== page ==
Fred Astaire and Ginger Rogers are universally known for being one of the best partnerships in dance. But at first, Fred Astaire did not plan on dancing professionally. It all started by accident when he began to imitate the students’ movements in his sister Adele’s ballet class. His parents realized they could put together a brother and sister vaudeville act featuring the two singing, dancing and acting. They were called “The Astaires.”
After years of Fred appearing with his sister, Adele married, and Fred was left on his own. He decided to head toward Hollywood. Despite the rumored lackluster reports of his RKO screen test being, “Can’t sing. Can’t act. Balding. Can dance a little,” Astaire made his first appearance dancing with his first on-screen partner, Joan Crawford, in “Dance Lady” (1933).
It was in “Flying Down to Rio” (1933) that Fred was paired with Ginger Rogers for the first time and started a phenomenon. Though they seemed to float as one across the dance floor, Fred had admitted, “Ginger never danced with a partner before. She faked an awful lot. She couldn’t tap or do this or that...But Ginger had style and talent and improved as she went along.” Their second film, “The Gay Divorcee” (1934), was based on a stage musical by the same name which Fred had performed in on Broadway. Astaire and Rogers continued to dance their way through eight more popular musical films together. Although they separated after “The Story of Vernon and Irene Castle” (1939), Fred credited their success to Rogers: “She made everything work for her...She made things very fine for the both of us.”
In 1941, Fred Astaire’s career was due for a big comeback, as it was somewhat failing since his split with Rogers. In “You’ll Never Get Rich” (1941), Astaire danced with darling newcomer Rita Hayworth and thanks to the film’s great popularity, it thrust both of them into the limelight. “I guess the only jewels in my life are the pictures I made with Fred Astaire,” Hayworth would remark in her golden years. Astaire is on record as considering Hayworth to be his best and favorite dance partner because she “danced with trained perfection and individuality.”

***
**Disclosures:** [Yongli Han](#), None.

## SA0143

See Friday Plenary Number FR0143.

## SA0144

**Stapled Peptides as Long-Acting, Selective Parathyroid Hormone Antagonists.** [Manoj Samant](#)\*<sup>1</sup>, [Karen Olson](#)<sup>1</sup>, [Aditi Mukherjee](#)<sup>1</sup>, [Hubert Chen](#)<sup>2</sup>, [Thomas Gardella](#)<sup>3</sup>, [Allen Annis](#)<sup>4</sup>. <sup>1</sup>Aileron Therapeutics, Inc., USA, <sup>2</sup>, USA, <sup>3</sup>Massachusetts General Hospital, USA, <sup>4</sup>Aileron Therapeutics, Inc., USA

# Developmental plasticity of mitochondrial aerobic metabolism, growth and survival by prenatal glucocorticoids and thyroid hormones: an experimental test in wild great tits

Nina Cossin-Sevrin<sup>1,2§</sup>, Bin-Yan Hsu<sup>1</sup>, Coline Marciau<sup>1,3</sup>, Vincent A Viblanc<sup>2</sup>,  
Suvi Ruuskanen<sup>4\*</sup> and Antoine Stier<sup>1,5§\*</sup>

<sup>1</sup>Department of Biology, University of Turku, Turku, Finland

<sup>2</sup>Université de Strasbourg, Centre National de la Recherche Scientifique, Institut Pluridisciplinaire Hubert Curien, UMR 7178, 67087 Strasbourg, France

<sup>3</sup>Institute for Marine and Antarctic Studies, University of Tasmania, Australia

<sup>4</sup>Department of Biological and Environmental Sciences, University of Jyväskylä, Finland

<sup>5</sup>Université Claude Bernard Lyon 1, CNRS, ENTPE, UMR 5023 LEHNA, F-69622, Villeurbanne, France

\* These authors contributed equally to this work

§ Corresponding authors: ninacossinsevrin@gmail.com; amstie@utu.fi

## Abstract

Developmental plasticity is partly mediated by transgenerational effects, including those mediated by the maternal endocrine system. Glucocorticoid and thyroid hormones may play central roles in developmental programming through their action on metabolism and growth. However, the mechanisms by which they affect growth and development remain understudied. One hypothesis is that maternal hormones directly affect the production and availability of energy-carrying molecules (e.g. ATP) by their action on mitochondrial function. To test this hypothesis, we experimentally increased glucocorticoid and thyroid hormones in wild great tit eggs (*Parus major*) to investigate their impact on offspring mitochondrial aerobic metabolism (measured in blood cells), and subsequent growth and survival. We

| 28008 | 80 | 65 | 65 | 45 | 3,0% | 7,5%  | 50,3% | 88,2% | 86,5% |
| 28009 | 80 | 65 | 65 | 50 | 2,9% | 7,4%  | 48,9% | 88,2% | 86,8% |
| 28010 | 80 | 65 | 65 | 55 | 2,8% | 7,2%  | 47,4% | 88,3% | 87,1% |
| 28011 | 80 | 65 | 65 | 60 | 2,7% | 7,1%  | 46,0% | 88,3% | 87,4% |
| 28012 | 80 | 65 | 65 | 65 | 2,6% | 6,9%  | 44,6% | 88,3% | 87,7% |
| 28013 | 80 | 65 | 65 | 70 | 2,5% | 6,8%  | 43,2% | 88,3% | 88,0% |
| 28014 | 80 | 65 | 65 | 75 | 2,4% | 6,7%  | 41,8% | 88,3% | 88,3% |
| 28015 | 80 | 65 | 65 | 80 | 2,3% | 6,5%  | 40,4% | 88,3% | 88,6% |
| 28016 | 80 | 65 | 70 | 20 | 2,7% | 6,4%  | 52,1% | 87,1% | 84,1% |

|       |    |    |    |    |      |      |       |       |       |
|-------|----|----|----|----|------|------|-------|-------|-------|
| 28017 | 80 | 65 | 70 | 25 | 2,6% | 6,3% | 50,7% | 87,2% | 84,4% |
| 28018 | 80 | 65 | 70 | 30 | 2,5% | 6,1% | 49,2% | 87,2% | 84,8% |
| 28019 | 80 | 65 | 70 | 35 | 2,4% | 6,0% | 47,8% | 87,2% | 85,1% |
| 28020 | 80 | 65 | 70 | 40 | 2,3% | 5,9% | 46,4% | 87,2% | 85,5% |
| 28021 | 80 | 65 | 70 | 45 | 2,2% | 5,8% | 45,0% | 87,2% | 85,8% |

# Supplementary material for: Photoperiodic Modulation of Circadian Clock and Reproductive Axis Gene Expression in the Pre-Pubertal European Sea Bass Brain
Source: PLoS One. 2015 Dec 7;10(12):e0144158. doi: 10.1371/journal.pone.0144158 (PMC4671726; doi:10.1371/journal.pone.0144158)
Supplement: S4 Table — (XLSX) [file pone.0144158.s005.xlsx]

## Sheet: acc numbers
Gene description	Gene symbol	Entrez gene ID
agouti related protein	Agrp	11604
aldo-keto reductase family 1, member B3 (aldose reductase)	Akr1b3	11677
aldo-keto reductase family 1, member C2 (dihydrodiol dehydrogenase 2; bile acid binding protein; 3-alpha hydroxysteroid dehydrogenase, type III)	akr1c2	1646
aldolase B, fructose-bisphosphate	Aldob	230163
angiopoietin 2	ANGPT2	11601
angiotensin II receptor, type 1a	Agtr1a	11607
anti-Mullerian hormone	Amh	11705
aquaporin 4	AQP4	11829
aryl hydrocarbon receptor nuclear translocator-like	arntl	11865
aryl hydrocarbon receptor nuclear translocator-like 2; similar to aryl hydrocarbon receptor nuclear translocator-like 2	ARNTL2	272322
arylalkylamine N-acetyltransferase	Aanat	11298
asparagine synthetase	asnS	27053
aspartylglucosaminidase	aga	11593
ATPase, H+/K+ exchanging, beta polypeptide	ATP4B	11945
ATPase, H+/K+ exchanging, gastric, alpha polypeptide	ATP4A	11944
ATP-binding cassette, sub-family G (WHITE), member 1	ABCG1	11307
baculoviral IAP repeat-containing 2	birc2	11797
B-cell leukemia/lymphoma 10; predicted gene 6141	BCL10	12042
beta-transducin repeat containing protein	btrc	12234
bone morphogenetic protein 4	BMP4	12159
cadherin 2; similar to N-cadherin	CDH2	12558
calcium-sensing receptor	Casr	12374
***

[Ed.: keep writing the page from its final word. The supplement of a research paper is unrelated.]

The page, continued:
Fred Astaire went on to dance with Lucille Bremer, Joan Leslie, and Gene Kelly in “Ziegfeld Follies” (1946). Fred’s thoughts on working with Gene, “He’s just terrific...I really am crazy about his work.” In 1948, Fred would dance with Judy Garland, replacing an injured Kelly, in “Easter Parade” (1948). And for one last time, Astaire and Rogers danced in “The Barkleys of Broadway” (1949) – a year before Rogers presented him with a special Academy Award. Another string of musical films followed with co-stars such as Cyd Charisse in “Silk Stockings” (1957) and Audrey Hepburn in “Funny Face” (1957).
“Finian’s Rainbow” (1968) was Fred Astaire’s last musical film. The film was not a box office success, due in part to inexperienced directing by a young Francis Ford Coppola, who did not understand the mechanics of directing the dance sequences, shooting silly close-ups of Fred’s footwork.
Though Fred Astaire continued to act in film and television, it is his illustrious body of work as the top hat, white tie and tails sophisticate that has immortalized him as the supreme dancer of his era.